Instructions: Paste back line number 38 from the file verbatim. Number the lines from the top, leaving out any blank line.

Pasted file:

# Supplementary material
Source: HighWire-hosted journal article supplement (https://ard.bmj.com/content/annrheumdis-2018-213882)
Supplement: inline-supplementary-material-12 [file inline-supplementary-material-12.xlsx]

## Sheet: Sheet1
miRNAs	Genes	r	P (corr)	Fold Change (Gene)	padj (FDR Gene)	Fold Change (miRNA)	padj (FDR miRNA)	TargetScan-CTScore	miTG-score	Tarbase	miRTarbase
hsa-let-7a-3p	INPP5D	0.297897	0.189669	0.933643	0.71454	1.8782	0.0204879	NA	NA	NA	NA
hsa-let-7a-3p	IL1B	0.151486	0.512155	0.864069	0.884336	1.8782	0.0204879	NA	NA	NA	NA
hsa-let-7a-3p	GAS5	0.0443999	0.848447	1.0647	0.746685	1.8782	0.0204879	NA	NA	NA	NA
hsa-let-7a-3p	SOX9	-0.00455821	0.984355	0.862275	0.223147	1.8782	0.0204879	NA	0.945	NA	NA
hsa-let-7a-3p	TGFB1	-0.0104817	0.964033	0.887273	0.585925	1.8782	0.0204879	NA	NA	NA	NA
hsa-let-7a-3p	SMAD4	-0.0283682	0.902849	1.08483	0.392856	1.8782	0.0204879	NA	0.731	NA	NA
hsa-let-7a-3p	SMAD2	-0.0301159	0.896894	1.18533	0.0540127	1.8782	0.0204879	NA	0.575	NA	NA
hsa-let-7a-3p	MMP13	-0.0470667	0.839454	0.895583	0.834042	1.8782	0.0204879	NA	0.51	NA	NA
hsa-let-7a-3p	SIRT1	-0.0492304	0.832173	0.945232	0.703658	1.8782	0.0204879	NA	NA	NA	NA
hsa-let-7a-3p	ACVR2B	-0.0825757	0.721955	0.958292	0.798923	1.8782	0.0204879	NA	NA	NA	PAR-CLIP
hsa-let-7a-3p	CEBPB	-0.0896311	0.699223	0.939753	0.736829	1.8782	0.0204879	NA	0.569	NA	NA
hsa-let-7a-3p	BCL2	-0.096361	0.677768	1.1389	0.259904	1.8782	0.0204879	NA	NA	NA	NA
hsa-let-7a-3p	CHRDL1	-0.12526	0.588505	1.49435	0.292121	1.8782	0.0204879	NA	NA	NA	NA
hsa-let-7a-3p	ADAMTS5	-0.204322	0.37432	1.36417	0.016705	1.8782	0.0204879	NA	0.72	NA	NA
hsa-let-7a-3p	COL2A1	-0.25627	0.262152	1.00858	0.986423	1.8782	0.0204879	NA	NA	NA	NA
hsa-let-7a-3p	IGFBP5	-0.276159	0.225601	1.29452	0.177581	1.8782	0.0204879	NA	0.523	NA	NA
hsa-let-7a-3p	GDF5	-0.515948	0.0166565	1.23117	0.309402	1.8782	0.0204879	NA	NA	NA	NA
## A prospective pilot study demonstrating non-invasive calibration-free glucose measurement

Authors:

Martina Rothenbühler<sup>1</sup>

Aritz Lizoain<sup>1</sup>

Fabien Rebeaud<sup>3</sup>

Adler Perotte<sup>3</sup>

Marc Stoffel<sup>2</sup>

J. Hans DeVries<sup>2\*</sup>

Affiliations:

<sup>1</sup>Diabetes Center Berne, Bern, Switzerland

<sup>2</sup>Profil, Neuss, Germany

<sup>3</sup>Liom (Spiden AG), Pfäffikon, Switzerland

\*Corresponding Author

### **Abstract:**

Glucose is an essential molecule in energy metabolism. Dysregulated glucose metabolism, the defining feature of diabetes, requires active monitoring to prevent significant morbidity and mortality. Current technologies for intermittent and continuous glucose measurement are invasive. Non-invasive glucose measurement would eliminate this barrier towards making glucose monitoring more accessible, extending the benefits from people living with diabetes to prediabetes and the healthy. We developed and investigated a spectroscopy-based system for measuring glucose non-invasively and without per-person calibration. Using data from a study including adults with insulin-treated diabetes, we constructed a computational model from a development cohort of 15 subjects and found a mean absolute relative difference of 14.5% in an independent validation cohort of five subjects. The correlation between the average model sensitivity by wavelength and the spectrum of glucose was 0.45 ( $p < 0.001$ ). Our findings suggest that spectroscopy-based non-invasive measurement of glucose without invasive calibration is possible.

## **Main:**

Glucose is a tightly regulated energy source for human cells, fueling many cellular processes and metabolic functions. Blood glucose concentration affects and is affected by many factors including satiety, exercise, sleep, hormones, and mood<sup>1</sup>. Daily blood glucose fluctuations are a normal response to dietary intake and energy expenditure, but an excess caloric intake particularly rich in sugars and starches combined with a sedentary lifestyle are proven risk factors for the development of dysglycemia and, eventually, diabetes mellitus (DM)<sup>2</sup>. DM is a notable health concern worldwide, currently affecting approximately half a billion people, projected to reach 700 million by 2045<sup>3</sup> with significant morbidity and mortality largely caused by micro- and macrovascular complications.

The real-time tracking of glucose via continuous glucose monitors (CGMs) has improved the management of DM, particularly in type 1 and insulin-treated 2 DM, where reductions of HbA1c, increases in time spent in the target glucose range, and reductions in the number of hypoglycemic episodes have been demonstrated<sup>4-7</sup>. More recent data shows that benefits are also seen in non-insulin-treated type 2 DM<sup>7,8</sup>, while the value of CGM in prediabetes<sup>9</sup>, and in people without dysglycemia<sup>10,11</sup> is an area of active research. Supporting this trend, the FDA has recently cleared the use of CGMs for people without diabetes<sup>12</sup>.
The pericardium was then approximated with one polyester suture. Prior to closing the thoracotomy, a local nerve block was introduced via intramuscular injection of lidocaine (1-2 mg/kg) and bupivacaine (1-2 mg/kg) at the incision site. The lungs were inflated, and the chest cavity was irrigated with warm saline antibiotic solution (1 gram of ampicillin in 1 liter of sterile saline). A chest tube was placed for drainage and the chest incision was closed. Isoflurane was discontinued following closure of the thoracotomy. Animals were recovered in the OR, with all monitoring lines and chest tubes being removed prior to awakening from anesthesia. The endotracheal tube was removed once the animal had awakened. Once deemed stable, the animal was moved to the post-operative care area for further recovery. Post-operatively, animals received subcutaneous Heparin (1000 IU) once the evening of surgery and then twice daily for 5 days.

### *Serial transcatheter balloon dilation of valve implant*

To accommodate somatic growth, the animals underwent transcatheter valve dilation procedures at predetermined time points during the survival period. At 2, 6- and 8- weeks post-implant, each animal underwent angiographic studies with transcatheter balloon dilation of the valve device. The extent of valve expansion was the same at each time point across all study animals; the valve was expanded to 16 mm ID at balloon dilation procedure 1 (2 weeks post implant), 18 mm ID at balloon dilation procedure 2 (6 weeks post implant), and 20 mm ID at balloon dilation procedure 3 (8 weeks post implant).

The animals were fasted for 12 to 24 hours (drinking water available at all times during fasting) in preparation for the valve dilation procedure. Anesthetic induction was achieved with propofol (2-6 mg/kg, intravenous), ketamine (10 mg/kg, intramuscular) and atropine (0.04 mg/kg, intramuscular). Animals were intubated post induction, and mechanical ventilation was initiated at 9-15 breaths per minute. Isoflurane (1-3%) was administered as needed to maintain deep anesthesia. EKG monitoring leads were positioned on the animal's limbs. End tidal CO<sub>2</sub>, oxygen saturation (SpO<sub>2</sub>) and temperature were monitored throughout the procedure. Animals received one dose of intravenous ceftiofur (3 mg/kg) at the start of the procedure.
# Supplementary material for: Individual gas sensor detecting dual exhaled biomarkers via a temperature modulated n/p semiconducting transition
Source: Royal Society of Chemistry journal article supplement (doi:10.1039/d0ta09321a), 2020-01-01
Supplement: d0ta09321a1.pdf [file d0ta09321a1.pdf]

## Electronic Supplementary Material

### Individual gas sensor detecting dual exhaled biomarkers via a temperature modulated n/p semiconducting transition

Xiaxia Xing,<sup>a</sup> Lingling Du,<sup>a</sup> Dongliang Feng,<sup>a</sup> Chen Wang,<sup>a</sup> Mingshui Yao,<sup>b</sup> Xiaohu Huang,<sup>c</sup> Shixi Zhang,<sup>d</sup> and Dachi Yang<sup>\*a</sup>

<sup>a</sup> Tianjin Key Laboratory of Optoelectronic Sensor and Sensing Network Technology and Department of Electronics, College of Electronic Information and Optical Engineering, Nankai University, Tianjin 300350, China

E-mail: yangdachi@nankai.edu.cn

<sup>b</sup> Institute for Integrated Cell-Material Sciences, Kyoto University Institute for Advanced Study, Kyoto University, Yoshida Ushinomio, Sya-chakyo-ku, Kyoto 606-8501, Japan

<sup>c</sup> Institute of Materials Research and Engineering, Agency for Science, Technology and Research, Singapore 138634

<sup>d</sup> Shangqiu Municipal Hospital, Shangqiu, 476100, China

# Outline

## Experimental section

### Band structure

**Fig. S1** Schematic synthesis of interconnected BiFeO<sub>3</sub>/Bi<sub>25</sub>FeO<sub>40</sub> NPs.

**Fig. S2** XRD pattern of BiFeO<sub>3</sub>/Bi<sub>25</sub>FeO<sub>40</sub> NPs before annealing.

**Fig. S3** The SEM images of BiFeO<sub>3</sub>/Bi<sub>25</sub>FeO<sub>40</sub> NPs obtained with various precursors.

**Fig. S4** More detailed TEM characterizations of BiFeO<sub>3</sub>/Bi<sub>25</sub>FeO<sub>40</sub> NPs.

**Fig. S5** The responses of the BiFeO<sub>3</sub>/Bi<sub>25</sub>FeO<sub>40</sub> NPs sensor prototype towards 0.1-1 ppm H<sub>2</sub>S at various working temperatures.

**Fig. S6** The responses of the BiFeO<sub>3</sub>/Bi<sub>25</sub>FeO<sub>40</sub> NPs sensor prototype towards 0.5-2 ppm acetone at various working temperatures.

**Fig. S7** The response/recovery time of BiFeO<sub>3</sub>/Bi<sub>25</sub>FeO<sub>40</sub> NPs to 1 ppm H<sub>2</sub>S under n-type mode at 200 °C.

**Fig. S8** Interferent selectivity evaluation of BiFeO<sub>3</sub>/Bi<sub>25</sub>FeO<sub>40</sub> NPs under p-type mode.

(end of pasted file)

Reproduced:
## **Main:**